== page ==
SEDBURY-based racehorse trainer Milton Bradley, who built a career on having an eye for a winner, has been recognised with an unusual honour at Chepstow Racecourse.
Racing fans returned to Chepstow Racecourse on Friday (June 11) for the first time in 18 months, after the crowd ban was finally lifted by the Welsh Government.
Course bosses decided to honour his 53-year career by naming all the races after him and his winning horses
Over the years Mr Bradley earned an unrivalled reputation for spotting bargain buys that went on to become winners.
Recently retired Mr Bradley,86, was based at Meads Farm where he trained 1,037 winners.
His horses being put through their paces in fields at the side of the A48 have been a regular sight for motorists driving through Tidenham.
In 2019 he was honoured with a life-time achievement award from the Welsh horse-racing industry.
A Chepstow Racecourse spokesperson said: “Though he usually only had modest horses to work with, several of those he bought were prolific winners.
"Friday’s race titles commemorate some of those horses, including his most famous horse The Tatling, who he claimed for £15,000.
“He’d shown ability, but a vet told his previous handler that he would never stand racing.
“Milton thought otherwise, and the horse went on to win 15 more races and almost £700,000, including the 2004 King’s Stand Stakes at Royal Ascot, while also running at Longchamp and Hong Kong.
“He loved his racing so much that, despite advancing years, he carried on until the eve of his 15th birthday, winning his 176th and final race at Wolverhampton on December 13, 2011.”
While three-quarters of Milton’s winners were on the flat, he initially made his name with National Hunt horses.
He began training in the late 1960s, after proving himself in the worlds of pony racing and point-to-point.
His biggest winning horse was Mighty Marine, who cost just £100 but won 23 races in the 1970s.
Seven of them were during his 1975/76 campaign, and next season he won seven in a row, in a purple patch spanning just 39 days.
Another £100 buy, Grey Dolphin, won 10 handicap chases during the 1983/84 season, with five in a row in a 17-day spell in the early autumn.
The following Spring he won twice at Ludlow and won 17 races in all.
Two years later Milton pulled off a similar feat with another grey, Yangtse-Kiang, who scooped six races in five weeks.
He too reappeared the following Spring to score twice at Ludlow, and in August 1986 won another four in a row and accumulated 17 career wins.
Milton turned increasingly to flat racing in the 1990s and continued to find cheap horses that could win multiple times.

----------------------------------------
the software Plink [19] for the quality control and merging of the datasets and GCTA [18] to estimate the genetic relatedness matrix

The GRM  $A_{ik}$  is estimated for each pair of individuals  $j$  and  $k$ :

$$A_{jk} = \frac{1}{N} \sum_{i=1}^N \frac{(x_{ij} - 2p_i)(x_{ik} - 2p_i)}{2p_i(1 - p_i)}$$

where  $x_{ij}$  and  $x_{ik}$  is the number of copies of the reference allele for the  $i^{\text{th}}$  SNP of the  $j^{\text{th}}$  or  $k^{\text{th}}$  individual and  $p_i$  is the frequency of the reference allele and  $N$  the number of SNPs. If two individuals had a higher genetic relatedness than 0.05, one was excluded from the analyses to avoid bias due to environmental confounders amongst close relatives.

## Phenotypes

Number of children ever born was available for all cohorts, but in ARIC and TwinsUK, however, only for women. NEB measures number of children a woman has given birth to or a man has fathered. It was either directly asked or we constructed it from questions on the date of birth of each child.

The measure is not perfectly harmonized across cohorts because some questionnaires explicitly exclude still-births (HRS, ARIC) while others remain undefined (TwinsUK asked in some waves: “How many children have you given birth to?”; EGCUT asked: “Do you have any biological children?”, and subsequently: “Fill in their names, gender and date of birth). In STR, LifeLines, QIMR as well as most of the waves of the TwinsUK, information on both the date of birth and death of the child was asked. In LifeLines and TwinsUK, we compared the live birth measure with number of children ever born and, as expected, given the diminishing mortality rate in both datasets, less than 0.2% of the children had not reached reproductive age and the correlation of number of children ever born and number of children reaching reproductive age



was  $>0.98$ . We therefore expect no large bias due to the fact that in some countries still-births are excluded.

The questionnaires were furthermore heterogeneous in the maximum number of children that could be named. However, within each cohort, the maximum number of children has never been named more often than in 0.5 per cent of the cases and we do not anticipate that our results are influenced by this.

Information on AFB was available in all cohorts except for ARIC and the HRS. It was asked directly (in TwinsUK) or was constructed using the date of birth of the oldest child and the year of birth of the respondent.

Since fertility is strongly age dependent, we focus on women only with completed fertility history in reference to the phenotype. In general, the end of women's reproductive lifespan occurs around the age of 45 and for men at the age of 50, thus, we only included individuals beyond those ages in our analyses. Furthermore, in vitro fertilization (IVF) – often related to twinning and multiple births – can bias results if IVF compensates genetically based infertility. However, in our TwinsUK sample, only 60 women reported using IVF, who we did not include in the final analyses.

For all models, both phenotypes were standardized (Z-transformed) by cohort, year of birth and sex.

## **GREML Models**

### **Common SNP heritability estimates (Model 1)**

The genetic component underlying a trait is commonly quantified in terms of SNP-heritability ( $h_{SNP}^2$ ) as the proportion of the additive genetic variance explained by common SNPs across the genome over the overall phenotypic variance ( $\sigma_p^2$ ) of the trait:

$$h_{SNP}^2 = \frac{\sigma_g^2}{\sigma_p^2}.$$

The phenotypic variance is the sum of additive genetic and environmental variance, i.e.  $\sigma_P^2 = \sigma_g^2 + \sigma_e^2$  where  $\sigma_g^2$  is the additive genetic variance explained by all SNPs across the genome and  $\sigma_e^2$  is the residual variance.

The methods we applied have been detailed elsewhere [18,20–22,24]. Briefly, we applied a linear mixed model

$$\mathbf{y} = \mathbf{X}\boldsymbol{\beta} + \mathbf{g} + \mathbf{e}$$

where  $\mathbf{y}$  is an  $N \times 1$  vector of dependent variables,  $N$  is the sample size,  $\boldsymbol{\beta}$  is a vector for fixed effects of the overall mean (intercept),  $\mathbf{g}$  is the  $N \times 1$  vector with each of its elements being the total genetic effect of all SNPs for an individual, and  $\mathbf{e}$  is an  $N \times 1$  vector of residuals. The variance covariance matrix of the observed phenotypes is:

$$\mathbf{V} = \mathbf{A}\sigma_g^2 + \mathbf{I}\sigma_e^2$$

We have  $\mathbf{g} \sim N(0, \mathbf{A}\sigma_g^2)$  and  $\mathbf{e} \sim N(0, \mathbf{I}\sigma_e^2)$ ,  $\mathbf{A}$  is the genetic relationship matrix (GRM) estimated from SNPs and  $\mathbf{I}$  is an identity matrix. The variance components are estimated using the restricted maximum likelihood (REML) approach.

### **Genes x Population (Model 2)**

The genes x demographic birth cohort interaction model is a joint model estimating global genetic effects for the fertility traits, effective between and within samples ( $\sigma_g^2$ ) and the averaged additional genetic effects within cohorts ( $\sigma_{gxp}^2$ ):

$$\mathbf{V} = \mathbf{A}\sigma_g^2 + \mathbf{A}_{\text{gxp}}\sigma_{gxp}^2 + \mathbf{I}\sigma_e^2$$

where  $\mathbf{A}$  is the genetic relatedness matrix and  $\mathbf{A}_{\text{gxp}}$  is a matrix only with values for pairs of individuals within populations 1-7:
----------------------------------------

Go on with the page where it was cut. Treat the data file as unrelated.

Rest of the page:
Sooty Tern won 19 races, at least one every year from 1991-97, while £100-buy Offa’s Mead won 16.
Corridor Creeper and Englishman both joined the yard as five-year-olds, with the former winning eight times and the latter nine.
Even more remarkable was Nineacres, who was successful in 11 races.
Brevity was another canny purchase, earning the yard £135,000 after costing just 3,500 guineas in 2001, from May to July racking up eight wins and a second.
Muraaqeb, who had cost his previous owner £190,000 guineas, was snapped up in 2017 on behalf of his longstanding owner and friend Eddie Hayward for £12,000 won seven races in 12 months.
Phil Bell, Chepstow’s Executive Director, said: ”We wanted to do something to mark Milton’s incredible 53 years in the sport.
“So many of his horses have been household names over the decades and his contribution to horse racing has been significant.
“Friday (was) simply an opportunity from his local course to recognise his amazing career.”
Friday’s card was sponsored by Mr Hayward who runs Chepstow Plant International.
Phil Bell welcomed the return of crowds to the course, saying: “Obviously, we’re really pleased with the news.
“It’s fair to say we’d have liked to have got crowds back sooner, but we’ve understood the reasons given for not being able to do so.”
Tickets have to be booked online in advance, and he admitted it would take fans time to adjust.
“We don’t expect to attract huge numbers while people adjust to having to book in advance, but are hoping for big crowds from next month onwards,” he added.
“Everyone now has to book in advance, so that takes away the numbers we’d generally expect to gain from walk-ups on the day – you could sometimes expect 500 people to turn up on a sunny afternoon – and you can’t do that anymore.
“Most people know that life has changed now, and we’ll be seeking to get those messages out.
“Hopefully, we’ll be enjoying really good numbers again by the time of the big two-day Chepstow meeting in October, a fixture which we’ve boosted in terms of prize-money this year.”
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